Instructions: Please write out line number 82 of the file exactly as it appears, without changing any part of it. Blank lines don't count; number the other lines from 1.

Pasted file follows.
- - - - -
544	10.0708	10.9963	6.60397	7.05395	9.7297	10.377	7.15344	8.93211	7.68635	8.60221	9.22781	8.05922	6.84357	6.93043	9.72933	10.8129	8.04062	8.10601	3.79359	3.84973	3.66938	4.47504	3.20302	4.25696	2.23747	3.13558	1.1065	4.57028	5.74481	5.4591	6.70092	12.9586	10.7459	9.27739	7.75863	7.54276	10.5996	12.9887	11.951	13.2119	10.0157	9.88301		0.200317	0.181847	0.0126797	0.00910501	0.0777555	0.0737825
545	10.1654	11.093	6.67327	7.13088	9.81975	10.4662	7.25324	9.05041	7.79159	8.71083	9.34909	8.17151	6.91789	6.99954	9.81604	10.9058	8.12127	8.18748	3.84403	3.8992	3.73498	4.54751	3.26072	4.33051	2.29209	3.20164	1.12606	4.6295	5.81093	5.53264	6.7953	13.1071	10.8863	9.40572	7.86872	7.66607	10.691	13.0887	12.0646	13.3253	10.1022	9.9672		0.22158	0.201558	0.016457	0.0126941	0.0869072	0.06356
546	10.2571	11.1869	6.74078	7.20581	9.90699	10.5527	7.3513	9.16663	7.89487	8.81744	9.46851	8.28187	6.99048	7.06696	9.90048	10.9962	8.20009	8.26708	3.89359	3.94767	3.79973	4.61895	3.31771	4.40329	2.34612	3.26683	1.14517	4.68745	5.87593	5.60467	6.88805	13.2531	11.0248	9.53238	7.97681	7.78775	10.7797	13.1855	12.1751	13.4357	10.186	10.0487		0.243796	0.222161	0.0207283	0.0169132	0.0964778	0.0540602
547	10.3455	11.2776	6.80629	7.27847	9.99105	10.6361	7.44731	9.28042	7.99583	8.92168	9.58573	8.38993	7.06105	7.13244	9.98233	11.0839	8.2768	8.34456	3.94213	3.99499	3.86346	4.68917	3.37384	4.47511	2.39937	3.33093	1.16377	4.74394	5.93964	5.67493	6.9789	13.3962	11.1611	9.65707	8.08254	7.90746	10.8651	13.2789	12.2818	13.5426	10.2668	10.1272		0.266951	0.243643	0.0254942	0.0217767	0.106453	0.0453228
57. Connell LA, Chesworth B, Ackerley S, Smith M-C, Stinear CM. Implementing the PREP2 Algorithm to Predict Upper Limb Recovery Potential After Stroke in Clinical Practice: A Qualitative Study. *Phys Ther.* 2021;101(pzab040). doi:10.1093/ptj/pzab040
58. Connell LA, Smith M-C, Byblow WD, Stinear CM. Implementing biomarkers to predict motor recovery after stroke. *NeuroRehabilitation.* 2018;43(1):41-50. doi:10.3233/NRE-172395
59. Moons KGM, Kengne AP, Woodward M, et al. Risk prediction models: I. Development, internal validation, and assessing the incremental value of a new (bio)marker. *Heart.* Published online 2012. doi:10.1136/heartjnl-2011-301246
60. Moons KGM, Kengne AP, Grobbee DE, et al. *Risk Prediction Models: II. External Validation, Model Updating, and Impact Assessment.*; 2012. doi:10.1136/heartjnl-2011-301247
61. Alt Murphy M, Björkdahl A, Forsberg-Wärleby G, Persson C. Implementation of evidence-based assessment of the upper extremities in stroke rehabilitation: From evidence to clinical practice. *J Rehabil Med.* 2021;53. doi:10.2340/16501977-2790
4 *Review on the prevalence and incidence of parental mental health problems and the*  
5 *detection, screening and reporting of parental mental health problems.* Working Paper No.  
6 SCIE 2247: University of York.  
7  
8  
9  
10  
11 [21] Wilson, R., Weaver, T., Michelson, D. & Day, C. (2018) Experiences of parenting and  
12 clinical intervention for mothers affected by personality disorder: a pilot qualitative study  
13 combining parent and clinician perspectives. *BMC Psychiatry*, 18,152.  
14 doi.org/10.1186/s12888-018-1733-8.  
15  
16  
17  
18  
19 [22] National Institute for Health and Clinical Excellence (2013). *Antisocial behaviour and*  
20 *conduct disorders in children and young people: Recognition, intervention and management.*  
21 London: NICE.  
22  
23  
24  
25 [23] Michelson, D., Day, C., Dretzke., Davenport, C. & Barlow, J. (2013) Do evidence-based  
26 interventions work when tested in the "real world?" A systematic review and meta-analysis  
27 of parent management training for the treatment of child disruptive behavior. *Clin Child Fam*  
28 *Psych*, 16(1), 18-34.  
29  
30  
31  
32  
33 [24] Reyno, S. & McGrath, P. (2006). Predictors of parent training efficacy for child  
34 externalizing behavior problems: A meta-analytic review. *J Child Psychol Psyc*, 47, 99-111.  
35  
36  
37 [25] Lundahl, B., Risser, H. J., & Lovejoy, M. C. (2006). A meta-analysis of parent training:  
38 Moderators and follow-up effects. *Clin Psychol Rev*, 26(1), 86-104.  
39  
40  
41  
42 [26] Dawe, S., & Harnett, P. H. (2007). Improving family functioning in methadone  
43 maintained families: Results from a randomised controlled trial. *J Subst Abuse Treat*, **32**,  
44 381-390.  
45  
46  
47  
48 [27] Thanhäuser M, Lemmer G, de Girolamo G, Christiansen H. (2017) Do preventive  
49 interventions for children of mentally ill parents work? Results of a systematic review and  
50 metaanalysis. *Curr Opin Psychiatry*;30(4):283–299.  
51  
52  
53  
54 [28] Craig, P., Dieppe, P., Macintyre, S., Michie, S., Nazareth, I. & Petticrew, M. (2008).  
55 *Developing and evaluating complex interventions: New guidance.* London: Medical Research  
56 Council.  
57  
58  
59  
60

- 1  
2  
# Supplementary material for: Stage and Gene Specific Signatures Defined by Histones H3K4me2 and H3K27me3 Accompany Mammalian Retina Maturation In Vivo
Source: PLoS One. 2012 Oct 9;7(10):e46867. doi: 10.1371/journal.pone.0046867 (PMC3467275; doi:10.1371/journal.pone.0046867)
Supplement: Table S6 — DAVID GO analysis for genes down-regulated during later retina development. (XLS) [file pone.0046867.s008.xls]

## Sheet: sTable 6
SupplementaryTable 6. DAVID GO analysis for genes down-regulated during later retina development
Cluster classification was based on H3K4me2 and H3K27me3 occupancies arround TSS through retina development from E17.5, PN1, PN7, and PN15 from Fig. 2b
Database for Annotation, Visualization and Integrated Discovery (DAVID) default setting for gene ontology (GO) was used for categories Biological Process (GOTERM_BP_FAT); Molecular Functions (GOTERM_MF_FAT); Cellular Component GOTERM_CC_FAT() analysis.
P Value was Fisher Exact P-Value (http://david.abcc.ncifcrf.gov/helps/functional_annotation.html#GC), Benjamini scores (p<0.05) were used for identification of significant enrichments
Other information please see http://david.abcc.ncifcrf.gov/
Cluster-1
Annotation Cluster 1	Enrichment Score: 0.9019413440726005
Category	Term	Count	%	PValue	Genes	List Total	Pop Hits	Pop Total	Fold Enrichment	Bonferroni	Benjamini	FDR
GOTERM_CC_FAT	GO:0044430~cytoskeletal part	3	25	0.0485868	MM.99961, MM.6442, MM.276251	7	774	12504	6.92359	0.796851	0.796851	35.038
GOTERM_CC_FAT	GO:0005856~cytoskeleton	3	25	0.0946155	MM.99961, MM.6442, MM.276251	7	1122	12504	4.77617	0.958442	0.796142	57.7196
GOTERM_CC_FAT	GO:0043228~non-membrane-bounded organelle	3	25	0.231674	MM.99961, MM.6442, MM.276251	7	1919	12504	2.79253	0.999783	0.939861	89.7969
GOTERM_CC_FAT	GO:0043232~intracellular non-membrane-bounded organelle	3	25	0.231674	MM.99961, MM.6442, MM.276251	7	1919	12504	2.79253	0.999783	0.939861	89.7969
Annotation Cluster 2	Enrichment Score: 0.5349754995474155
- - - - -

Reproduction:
GOTERM_CC_FAT	GO:0005856~cytoskeleton	3	25	0.0946155	MM.99961, MM.6442, MM.276251	7	1122	12504	4.77617	0.958442	0.796142	57.7196